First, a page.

It was Bray’s job to lose, wasn’t it?
I’m going to take a step back here. At some schools, the job of head football coach is turn key. Insert a bozo at USC and you win seven or eight games a year. Oregon’s resources make it an easier job, too. But at a place like Oregon State in 2023 and beyond, it’s going to take a unique fit.
As impressive as the scrambled pool of candidates was, there were only two coaches involved in the search who I thought had a chance to be successful. One is Bray. The other is Brennan, who went 7-1 at San Jose State a couple of seasons ago. I wish the Beavers could have hired them both. The challenges are going to be so great in 2024 and 2025 that it’s basically an ‘all-hands’ situation.
Bray got the OSU job.
Brennan goes back to San Jose State, where he’ll make a bowl game again next season.
An insider at Oregon State told me there could be a “surprise or two” when it comes to the offensive and defensive coordinator hires. Keep an eye there. Because while Barnes declined on Tuesday night to provide salary information for Bray, I have to think the AD is sitting on at least $1.5 million in savings on the head coaching salary. It’s possible the Beavers are going to arm Bray with some real help.
Bray will be on the sideline next season. Right where he’s been for the last few years at OSU. He told me a couple of springs ago that he prefers being on the sideline vs. the coaching box during games. He’d weighed the perspective gained from being an ‘eye-in-the-sky’ defensive coordinator vs. being near players and decided to stay on the field.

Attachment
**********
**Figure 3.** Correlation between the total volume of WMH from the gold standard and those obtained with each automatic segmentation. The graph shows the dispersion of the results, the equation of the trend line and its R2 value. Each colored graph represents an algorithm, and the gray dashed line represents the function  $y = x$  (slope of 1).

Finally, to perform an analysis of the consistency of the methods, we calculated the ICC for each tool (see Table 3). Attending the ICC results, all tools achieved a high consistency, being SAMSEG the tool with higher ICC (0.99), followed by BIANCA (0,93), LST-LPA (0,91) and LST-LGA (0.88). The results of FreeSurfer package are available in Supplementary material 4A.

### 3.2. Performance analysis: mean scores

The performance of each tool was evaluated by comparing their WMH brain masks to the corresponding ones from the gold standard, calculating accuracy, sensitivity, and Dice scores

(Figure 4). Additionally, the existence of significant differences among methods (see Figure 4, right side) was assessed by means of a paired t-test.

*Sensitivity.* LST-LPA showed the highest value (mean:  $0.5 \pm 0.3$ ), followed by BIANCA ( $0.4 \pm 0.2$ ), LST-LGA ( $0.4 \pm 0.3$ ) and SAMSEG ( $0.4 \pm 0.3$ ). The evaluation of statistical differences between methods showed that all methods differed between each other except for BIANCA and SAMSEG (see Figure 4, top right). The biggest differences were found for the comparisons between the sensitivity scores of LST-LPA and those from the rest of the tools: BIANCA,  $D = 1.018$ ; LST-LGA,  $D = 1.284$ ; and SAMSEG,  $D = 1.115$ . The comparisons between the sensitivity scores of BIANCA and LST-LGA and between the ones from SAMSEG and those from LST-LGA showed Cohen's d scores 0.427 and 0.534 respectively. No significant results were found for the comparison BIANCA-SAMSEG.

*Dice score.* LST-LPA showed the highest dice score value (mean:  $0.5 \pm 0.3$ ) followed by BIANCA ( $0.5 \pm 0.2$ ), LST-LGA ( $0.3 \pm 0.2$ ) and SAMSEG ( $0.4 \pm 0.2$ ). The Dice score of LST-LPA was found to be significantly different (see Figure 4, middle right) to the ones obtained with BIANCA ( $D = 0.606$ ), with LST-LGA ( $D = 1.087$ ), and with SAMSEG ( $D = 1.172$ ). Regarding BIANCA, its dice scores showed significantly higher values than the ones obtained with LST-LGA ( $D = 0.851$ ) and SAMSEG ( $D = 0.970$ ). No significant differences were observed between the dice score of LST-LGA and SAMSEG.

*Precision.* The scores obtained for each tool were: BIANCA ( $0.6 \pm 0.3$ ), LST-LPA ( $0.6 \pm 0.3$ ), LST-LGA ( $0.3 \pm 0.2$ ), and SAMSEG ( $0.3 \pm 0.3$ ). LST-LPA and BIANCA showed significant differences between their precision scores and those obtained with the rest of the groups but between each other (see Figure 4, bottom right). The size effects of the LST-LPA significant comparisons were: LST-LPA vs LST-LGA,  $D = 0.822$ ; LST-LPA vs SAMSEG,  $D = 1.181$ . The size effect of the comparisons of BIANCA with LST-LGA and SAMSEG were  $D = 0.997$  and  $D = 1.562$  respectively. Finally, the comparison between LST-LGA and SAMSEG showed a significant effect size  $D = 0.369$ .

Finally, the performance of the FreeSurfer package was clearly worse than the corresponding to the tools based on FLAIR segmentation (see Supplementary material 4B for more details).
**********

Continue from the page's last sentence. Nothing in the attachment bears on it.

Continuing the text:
“Defensive football is such an emotionally tense part of the game,” he told me. “Being around the players, being able to look them in the eyes, outweighs what I’d be able to see in the box.”
Dennis Erickson told me on Wednesday that Bray was a fair athlete as a player. Not great. Not terrible. But he steered the conversation back to Bray’s father, and the football intelligence that Trent as a kid gained through osmosis.
“His football IQ was above anybody I’d ever been around,” Erickson said. “He got to the ball. He understood the game. He wasn’t the greatest athlete, but he made a lot of plays.”
That brings me to a story. I took a risk a couple of springs ago and left the newspaper industry. I launched this independent writing endeavor. I bet on myself. It’s been an exhilarating ride. I’ve never felt more connected with my readers or had more fun. But one of the interesting byproducts involves Bray.
I am more involved now with the photographers. I have a terrific trio of shooters who work games in Oregon. Another lives in Pullman. And a handful of others work and live in places such as California, Colorado, Arizona and Utah.
During the 2023 football season, I asked the photographers if they could get more photos of Jonathan Smith, Oregon State’s head football coach. I figured I might need them this offseason. The photographers who worked in the Pacific Northwest sent a stream of photos of Smith throughout the season. But the ones who worked in Colorado, Arizona and Utah did something else.
It was peculiar.
I’d asked them to photograph OSU’s head coach.
A couple of them sent photos of Trent Bray.
They didn’t know what Smith looked like. They showed up to games, observed Bray’s demeanor on the sideline, his pacing during games, his stern expression, and the way players responded to him. More than one of them mistakenly believed Bray — not Smith — was the OSU head coach.
I now find that interesting.